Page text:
They are not allowed to negotiate with her - the European Commission has the sole negotiating role for the EU - but it's a valuable opportunity to tell European peers what she needs from them to secure a deal; not only in Brussels, but considering all the political complications in Westminster, at home too.
After the prime minister leaves Salzburg on Thursday, the 27 EU leaders will discuss Brexit amongst themselves.
Their chief negotiator, Michel Barnier, will kick off proceedings with an update on negotiations so far.
Each EU leader is then expected to give their thoughts on the Irish border, as well as the current deadlock between the UK and EU and possibly ways to break it.
This is key.
Downing Street rejects the European Commission's Irish border backstop proposal, which would keep Northern Ireland in the European customs union and parts of the single market.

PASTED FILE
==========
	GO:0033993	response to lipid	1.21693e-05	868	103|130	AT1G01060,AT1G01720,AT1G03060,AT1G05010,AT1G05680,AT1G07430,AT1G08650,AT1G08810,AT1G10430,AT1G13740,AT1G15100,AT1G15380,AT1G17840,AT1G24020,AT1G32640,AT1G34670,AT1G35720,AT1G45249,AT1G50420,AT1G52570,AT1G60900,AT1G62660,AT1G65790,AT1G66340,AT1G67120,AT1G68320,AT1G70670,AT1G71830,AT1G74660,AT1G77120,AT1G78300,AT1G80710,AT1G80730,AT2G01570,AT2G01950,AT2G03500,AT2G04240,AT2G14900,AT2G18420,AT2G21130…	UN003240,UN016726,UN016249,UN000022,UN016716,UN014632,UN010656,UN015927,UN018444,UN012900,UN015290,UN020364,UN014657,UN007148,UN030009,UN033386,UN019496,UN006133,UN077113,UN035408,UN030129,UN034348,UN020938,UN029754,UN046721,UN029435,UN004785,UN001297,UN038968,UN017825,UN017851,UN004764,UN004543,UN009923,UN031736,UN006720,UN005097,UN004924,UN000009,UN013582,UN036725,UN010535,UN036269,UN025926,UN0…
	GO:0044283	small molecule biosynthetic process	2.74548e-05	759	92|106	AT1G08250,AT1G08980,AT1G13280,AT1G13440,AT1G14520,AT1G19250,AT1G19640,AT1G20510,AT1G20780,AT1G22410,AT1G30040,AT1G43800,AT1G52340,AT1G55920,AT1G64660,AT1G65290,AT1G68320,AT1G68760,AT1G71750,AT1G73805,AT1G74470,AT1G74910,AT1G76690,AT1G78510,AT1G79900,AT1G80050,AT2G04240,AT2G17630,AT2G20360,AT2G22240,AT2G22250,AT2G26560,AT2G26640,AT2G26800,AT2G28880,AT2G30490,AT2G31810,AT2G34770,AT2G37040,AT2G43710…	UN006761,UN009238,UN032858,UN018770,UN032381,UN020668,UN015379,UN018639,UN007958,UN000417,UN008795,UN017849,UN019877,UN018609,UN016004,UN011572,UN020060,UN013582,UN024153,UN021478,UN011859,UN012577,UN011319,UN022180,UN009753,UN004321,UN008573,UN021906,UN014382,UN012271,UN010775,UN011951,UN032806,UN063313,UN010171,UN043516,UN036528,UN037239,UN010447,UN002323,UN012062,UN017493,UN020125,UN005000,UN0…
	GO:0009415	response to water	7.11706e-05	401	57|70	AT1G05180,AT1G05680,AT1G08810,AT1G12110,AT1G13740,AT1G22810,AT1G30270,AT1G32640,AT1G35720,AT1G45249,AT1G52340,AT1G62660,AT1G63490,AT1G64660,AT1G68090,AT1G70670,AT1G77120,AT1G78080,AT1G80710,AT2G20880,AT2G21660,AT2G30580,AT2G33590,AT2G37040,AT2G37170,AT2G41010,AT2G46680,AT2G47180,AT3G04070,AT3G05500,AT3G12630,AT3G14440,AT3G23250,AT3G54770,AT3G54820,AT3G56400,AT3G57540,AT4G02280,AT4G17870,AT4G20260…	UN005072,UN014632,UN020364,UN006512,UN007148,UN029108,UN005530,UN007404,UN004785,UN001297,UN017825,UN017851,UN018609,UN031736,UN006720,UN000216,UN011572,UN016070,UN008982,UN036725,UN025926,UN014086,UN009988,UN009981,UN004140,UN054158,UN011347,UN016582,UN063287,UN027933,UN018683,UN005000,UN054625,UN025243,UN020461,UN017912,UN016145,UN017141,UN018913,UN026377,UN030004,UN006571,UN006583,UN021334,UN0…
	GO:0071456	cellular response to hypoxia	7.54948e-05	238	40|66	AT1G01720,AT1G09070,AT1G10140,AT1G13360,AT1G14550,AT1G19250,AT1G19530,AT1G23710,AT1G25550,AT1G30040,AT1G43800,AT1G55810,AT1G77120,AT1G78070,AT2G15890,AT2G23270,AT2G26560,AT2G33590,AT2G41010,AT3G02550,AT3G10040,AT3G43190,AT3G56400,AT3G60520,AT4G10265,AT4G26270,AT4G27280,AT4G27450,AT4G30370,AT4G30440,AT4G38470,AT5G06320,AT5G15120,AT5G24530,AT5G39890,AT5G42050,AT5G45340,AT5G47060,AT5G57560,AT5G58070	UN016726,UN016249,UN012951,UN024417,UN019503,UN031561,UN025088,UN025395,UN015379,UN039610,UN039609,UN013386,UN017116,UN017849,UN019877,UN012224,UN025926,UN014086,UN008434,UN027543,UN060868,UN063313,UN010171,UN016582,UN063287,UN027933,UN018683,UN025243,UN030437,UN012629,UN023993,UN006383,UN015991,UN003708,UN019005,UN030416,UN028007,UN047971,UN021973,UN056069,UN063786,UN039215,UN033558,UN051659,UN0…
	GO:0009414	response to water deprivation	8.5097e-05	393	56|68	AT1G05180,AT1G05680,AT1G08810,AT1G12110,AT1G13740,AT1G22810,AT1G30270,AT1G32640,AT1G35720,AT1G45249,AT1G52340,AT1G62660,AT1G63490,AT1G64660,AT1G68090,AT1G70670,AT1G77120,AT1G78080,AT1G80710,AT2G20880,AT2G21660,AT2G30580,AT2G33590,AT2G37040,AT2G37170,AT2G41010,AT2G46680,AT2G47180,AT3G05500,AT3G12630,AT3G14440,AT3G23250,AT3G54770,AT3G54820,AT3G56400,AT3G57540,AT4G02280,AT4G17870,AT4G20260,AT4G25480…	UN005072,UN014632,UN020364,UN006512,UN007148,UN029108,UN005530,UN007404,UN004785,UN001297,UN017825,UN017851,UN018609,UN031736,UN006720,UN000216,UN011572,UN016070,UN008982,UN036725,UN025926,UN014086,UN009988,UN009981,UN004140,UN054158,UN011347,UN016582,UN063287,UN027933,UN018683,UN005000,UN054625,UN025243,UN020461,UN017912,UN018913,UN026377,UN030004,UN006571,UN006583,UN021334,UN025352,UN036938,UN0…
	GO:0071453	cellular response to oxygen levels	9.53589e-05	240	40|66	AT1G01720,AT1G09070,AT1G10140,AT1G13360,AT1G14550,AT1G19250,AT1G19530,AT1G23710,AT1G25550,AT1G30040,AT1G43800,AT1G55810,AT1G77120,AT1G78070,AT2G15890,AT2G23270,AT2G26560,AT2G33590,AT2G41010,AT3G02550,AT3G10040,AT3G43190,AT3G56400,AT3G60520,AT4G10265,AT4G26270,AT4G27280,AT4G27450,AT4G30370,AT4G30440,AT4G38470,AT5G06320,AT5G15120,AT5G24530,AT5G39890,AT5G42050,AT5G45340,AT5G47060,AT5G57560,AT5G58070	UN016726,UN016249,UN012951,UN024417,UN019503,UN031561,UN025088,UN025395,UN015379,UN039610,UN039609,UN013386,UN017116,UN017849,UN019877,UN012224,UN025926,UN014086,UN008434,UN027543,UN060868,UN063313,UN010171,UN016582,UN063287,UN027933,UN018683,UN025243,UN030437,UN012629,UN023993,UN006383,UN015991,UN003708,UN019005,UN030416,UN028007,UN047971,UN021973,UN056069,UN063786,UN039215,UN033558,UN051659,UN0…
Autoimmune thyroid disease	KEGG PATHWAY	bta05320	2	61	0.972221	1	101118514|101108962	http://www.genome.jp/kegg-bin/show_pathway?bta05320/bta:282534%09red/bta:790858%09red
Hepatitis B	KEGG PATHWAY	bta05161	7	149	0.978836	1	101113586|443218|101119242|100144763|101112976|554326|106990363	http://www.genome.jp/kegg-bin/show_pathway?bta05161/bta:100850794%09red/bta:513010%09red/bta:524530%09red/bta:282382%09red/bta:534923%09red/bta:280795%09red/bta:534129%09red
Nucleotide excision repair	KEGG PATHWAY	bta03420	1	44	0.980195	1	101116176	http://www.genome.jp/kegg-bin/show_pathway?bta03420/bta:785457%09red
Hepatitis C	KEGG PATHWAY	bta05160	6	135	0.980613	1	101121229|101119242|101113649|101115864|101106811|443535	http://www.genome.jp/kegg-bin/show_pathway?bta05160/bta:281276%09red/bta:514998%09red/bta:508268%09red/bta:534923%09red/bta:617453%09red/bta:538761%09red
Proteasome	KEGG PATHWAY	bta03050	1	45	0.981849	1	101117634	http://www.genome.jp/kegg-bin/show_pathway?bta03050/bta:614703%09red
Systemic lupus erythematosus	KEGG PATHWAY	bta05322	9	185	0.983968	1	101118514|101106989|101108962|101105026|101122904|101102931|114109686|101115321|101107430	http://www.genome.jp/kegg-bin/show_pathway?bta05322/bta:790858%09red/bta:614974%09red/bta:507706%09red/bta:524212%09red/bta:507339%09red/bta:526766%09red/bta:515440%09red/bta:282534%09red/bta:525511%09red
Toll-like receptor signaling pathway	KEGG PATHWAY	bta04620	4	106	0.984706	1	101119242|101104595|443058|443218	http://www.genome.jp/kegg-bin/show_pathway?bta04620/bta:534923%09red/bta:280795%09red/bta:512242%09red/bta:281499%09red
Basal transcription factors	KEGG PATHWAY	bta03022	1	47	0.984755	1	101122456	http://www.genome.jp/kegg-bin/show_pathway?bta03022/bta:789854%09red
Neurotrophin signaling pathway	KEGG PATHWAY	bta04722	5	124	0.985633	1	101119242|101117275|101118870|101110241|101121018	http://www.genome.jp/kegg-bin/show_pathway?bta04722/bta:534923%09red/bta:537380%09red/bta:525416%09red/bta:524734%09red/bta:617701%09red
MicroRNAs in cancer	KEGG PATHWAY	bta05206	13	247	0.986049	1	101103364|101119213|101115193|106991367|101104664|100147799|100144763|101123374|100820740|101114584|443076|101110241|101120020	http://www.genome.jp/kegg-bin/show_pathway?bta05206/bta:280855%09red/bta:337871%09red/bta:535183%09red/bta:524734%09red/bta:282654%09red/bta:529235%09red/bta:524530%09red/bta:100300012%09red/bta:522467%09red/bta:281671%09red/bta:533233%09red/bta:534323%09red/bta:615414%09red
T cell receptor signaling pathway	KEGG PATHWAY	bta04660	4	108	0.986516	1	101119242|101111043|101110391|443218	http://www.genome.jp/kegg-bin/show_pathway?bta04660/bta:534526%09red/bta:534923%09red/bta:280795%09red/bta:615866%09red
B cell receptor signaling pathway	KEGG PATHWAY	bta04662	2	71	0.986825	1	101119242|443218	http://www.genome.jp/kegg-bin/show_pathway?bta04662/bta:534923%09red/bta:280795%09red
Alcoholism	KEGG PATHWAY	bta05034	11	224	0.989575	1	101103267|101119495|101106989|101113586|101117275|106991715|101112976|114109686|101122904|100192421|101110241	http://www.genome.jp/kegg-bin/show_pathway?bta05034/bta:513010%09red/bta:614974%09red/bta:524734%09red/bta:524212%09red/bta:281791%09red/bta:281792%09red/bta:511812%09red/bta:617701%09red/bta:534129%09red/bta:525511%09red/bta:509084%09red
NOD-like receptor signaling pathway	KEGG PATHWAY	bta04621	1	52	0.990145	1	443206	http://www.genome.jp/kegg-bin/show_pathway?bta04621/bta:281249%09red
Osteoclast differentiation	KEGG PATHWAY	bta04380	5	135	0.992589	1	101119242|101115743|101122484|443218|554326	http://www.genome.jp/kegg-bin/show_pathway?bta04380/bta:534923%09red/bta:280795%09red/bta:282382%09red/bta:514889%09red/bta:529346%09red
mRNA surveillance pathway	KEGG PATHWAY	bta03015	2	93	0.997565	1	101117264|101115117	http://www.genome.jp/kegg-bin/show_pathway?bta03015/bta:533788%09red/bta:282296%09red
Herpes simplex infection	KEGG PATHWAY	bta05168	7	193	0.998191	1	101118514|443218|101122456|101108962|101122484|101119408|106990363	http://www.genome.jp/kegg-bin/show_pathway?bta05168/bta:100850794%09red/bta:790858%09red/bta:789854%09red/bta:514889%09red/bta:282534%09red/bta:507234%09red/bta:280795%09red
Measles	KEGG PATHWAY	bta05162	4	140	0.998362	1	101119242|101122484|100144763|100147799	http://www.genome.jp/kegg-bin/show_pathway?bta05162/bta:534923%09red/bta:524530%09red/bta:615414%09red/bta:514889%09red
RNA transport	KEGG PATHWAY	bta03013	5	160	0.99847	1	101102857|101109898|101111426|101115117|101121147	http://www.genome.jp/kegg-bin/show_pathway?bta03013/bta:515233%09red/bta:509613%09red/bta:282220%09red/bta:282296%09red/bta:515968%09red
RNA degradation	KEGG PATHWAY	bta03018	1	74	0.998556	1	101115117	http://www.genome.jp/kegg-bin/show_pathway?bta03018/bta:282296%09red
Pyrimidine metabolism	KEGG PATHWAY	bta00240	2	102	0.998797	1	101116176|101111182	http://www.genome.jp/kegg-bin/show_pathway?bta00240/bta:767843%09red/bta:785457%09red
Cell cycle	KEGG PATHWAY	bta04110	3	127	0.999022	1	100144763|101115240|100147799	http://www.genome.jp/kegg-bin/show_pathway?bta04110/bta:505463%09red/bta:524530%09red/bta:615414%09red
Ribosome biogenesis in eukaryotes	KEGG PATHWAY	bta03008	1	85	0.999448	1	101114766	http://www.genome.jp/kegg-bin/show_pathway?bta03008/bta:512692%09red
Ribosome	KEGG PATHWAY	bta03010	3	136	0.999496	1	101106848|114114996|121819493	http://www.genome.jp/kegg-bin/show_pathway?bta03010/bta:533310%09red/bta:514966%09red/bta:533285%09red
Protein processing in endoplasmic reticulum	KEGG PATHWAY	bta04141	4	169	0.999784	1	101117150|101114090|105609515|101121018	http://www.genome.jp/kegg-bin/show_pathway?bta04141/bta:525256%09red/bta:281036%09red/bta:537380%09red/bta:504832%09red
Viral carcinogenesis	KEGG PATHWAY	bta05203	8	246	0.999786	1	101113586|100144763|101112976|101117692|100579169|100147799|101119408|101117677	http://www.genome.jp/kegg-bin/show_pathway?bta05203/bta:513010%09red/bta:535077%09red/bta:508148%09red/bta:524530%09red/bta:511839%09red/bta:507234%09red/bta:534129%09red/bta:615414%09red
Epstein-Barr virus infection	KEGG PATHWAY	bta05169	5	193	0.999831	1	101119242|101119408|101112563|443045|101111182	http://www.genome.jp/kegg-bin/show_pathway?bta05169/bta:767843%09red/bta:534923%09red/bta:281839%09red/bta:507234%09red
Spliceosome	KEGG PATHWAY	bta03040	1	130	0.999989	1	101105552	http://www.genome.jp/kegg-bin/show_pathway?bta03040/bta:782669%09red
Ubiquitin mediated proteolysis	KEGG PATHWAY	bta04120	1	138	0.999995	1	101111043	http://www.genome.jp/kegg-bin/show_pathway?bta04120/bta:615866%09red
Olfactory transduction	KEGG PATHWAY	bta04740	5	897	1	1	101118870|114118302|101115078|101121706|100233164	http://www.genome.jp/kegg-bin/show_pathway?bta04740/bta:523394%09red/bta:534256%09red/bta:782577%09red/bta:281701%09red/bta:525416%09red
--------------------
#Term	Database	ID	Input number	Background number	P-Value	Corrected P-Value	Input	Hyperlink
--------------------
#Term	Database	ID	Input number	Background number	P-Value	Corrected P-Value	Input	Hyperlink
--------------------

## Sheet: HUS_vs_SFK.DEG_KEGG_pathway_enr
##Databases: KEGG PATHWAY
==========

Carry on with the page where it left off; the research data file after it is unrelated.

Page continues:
The government says that would break up the constitutional integrity of the United Kingdom.
The Commission has been working since the summer on changing the language of its backstop to "de-dramatise" it and to show, says Brussels, that its proposal is practical - involving minimal customs checks - and not political at all.
The Commission also proposes heavy emphasis on the fact that the backstop is the worst-case scenario, fallback position that neither the EU nor the UK ever want to use.
EU sources tell me that could be written prominently in the political declaration on the UK-EU post-Brexit relationship which will accompany the UK's exit agreement as part of the aimed-for autumn deal.
Leaders will discuss that non-legally-binding political declaration in Salzburg - how detailed it should or should not be on Ireland, on customs, security and much more.
Still, as an informal summit, no formal written conclusions will be published in Salzburg.
Brexit-process cynics may groan to hear they'll have to wait till the next EU leaders' summit in October for meat on all those bones.
Unlike Salzburg, the October meeting in Brussels is a formal summit and - unlike Salzburg - it comes after the Conservative Party Conference.
So, in theory, both the EU and Theresa May are expected to be in a position to reach some big decisions.